When trying to put down my thoughts about the meaning of the Beijing Olympics, I keep getting drawn back to this picture of Cappie Pondexter jumping on teammate Diana Taurasi in celebration of the U.S. Womens Gold Medal victory in Basketball–”She ain’t heavy, she’s my sister”–as the old song almost went. The Olympics show off the wonderful potpourri of races and ethnicities that is 21st Century America. Part of our joy that kept us transfixed to the screen for the past two weeks is a celebration of our diversity. What ever the talk from the pundit class about the incipient racism that may be impeding Obama’s campaign, I’m not buying it.
NBC won the lottery as far as the last two weeks went. Dick Ebersol, Pres. of NBC Sports explains.
As the Games neared, ad sales picked up — and, after the Games started off so well, they exploded. Mr. Ebersol said that in the end it may have been NBC’s good fortune that the country was going through some tough times.
“The economy was so dark,” Mr. Ebersol said. “But with $4 a gallon gas, more people were staying home. Many fewer were taking vacations.”
That made people both more available and more susceptible to the pull of the Olympics.
“When these Games came along, it was really at a point where the country was just ready for something they could really get crazy about,” he said.
Equally important for those of us that study digital technology, NBC put up 2200 hours of online video and had 72 million videos streamed in the U.S.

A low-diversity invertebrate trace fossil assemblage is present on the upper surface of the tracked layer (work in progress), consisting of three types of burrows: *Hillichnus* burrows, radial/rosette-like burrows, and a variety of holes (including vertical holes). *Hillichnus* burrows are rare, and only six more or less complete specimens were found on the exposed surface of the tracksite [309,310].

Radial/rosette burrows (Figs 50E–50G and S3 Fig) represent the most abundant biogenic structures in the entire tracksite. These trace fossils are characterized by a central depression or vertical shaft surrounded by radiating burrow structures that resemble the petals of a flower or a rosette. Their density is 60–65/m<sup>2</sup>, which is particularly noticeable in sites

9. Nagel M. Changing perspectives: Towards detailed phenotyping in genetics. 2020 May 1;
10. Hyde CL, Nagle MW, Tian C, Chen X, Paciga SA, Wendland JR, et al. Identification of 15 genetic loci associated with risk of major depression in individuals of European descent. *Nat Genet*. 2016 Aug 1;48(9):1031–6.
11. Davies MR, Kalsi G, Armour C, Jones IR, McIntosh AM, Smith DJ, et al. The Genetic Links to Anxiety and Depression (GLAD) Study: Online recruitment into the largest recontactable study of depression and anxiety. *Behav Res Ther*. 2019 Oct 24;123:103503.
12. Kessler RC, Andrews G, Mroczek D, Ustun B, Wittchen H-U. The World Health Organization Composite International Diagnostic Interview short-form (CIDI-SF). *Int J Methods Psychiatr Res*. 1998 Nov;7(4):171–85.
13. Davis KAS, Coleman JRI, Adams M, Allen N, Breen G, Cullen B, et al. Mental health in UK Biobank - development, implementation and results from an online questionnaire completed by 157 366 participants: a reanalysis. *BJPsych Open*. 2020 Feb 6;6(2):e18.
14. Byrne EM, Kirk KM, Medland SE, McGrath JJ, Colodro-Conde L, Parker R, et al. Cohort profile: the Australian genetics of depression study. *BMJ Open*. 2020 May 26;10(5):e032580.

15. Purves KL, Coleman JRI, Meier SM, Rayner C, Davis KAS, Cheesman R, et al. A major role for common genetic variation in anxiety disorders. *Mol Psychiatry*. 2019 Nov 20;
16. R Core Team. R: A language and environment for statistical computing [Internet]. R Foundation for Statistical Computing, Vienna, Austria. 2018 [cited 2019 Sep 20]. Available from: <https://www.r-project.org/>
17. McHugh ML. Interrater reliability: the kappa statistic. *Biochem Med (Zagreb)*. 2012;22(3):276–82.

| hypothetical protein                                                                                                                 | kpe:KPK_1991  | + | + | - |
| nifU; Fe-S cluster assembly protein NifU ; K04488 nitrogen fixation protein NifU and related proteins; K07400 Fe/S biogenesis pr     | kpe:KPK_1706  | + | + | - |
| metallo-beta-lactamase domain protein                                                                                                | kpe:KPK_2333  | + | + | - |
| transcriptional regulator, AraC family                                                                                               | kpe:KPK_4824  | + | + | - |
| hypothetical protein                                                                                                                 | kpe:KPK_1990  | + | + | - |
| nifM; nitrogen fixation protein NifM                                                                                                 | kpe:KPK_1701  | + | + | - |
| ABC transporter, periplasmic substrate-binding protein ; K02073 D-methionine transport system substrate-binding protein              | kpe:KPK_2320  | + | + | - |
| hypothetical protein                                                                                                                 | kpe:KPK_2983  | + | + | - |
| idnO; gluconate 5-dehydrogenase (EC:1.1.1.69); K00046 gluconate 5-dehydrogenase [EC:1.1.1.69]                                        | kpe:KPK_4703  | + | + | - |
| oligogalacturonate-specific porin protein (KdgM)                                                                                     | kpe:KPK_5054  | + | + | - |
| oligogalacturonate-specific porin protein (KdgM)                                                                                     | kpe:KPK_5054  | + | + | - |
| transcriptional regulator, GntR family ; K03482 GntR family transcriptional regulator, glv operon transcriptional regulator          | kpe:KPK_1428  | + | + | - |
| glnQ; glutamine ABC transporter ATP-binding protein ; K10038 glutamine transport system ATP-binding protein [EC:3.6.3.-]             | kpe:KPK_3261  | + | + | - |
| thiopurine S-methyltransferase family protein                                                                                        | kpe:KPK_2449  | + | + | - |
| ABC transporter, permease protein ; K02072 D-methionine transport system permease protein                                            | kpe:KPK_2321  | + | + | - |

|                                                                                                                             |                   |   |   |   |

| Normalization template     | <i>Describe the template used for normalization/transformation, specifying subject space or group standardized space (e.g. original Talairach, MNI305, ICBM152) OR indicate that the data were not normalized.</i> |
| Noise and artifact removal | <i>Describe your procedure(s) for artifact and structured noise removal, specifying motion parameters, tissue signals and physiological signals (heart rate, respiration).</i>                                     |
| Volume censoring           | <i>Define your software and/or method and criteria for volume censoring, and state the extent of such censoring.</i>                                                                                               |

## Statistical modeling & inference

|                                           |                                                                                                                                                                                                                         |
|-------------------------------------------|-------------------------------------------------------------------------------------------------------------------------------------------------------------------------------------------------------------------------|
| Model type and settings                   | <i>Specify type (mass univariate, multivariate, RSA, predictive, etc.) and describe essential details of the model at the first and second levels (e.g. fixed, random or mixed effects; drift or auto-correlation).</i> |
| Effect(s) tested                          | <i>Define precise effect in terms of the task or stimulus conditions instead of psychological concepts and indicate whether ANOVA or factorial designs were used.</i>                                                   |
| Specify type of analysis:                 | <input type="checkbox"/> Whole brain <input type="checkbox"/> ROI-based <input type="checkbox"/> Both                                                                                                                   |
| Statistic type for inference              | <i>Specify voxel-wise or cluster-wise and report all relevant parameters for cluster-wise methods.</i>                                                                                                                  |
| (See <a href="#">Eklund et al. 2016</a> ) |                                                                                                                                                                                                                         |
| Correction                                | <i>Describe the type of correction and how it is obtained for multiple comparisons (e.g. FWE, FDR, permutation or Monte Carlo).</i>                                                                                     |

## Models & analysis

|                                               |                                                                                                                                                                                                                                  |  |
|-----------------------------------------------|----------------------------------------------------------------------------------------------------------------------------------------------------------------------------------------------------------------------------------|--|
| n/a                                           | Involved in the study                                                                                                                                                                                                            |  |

Despite what the China naysayers will tell you, I think the Olympics was a big win for China. As Nick Kristoff reported yesterday, Chinese Internet censorship is loosening and I don’t think this process will stop after the games. Chinese pride at no longer being regarded as “the sick man of Asia”, will allow this opening to continue. This is not to say that China is not going to be encountering economic headwinds as I wrote yesterday. The Wall Street Journal outlined three big problems for China in the next few years.
“Americans who worry that China might overtake the United States are worrying about the wrong thing,” U.S. Treasury Secretary Henry Paulson wrote in an article published last week. “Serious troubles in China’s economy could threaten the stability of the U.S. and global economies.”
Three challenges especially stand out for the Chinese: The nation’s changing work force, a widening in the gap between rich and poor and severely constrained supplies of energy and environmental resources.